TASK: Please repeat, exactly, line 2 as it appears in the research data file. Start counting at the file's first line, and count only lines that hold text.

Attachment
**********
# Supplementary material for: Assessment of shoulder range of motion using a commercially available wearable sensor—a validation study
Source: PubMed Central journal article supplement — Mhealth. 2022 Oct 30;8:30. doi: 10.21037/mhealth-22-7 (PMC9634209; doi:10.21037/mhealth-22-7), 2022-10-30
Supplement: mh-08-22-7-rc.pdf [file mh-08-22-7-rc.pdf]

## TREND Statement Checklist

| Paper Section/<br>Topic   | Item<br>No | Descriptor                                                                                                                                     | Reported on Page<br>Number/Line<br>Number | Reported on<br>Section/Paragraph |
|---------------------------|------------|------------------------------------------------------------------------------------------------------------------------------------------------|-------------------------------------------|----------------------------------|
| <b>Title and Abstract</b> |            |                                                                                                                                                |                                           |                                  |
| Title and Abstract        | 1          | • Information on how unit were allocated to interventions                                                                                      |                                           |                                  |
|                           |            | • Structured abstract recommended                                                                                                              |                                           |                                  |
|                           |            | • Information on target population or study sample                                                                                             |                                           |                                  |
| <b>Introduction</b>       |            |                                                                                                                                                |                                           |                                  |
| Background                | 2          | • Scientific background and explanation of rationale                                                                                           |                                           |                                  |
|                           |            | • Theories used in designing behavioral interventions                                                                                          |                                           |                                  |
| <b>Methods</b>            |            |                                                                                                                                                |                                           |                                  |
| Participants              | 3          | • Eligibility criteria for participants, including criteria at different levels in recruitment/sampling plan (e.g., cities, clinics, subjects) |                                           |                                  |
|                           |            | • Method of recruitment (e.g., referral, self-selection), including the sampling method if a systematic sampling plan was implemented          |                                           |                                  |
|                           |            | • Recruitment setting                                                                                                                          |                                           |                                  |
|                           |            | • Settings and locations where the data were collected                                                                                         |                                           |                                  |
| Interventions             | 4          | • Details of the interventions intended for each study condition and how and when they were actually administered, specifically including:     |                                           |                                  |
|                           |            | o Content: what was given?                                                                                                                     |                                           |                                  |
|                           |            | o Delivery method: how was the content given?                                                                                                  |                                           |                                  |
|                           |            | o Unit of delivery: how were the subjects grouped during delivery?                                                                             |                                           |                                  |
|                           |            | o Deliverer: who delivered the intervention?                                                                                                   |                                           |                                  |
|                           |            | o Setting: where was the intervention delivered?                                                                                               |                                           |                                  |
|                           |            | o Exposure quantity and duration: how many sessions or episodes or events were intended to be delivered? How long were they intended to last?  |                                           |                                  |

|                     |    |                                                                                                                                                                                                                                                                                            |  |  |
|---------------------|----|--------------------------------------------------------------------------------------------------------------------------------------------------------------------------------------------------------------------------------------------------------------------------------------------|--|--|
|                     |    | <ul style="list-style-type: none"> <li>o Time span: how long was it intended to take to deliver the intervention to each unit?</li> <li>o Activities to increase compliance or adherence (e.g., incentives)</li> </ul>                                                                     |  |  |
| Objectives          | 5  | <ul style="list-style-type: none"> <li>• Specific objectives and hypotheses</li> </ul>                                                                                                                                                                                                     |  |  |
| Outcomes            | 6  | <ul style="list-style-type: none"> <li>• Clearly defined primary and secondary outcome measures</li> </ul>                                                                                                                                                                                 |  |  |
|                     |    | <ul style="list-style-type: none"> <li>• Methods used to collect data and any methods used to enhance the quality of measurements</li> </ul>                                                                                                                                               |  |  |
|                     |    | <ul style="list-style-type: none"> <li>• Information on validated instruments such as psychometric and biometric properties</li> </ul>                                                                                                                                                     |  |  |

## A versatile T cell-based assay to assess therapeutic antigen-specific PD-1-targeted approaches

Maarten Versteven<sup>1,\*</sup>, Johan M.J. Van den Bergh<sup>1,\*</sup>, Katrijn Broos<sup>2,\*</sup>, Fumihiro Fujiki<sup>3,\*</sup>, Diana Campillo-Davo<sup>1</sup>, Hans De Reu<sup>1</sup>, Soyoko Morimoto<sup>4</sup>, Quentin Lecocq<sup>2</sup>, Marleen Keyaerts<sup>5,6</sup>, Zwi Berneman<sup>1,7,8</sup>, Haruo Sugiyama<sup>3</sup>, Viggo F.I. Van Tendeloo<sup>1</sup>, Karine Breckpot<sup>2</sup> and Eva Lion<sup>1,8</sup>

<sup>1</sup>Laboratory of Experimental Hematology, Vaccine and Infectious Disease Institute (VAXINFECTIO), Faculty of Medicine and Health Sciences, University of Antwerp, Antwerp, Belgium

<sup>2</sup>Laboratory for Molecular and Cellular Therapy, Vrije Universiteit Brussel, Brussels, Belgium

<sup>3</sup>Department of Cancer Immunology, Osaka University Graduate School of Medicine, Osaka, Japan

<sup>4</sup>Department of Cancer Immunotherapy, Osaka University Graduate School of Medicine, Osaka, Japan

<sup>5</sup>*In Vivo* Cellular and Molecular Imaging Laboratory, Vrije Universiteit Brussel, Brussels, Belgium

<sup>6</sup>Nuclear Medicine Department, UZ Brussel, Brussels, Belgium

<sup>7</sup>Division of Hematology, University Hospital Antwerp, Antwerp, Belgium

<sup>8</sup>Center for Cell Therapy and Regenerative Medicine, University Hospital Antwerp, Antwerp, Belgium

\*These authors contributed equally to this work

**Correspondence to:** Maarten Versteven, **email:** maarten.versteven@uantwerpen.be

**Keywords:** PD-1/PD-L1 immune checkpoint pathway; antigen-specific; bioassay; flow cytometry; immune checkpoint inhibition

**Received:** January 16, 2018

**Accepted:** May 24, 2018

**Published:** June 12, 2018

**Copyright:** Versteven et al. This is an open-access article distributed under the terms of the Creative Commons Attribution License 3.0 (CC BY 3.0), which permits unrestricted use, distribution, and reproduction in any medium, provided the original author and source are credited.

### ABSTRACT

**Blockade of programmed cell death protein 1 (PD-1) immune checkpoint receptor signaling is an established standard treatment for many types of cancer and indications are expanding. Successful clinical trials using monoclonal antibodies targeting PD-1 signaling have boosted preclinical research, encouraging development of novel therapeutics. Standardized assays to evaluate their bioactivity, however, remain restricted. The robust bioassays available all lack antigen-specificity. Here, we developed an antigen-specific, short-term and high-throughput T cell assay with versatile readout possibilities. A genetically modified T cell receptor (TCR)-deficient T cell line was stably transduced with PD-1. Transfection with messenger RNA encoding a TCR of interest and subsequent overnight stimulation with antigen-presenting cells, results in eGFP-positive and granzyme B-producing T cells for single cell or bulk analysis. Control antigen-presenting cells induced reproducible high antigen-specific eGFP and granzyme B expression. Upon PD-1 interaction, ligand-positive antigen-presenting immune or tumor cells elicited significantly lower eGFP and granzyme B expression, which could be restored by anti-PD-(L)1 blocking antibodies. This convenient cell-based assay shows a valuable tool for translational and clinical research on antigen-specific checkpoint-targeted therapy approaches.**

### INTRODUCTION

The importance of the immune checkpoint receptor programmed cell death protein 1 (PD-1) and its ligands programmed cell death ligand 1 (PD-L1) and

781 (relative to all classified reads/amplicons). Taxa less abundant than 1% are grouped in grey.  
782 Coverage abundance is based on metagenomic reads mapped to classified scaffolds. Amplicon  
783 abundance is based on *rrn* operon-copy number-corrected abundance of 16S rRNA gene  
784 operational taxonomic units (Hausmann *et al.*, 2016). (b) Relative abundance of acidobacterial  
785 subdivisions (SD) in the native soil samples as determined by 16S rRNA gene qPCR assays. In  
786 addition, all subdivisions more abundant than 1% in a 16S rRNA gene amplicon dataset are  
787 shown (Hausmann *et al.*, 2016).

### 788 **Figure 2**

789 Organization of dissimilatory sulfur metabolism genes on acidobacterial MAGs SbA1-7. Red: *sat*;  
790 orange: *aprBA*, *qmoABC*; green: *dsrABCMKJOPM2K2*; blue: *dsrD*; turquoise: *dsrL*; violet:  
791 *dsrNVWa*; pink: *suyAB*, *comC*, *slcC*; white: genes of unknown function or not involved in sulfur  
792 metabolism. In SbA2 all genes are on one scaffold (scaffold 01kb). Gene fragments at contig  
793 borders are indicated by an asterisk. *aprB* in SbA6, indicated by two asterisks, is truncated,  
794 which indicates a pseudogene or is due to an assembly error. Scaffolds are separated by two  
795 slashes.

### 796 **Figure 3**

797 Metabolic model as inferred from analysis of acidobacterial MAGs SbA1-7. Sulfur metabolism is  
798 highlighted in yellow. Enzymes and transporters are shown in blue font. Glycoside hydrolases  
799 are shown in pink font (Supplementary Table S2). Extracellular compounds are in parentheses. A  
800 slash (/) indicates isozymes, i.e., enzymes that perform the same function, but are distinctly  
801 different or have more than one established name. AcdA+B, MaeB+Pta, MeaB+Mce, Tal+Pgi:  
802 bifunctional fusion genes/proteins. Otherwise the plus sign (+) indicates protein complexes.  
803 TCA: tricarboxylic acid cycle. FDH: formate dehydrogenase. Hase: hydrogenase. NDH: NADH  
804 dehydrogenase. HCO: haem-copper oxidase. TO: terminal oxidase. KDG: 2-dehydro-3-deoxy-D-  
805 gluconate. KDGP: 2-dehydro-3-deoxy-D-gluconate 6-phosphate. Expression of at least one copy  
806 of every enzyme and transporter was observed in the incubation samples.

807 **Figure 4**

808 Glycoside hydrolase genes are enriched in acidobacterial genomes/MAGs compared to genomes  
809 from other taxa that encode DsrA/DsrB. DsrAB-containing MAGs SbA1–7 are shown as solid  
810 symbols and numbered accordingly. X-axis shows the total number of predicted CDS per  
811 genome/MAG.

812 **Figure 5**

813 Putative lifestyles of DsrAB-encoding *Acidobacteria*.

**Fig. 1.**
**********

Source: PubMed Central journal article supplement — Mhealth. 2022 Oct 30;8:30. doi: 10.21037/mhealth-22-7 (PMC9634209; doi:10.21037/mhealth-22-7), 2022-10-30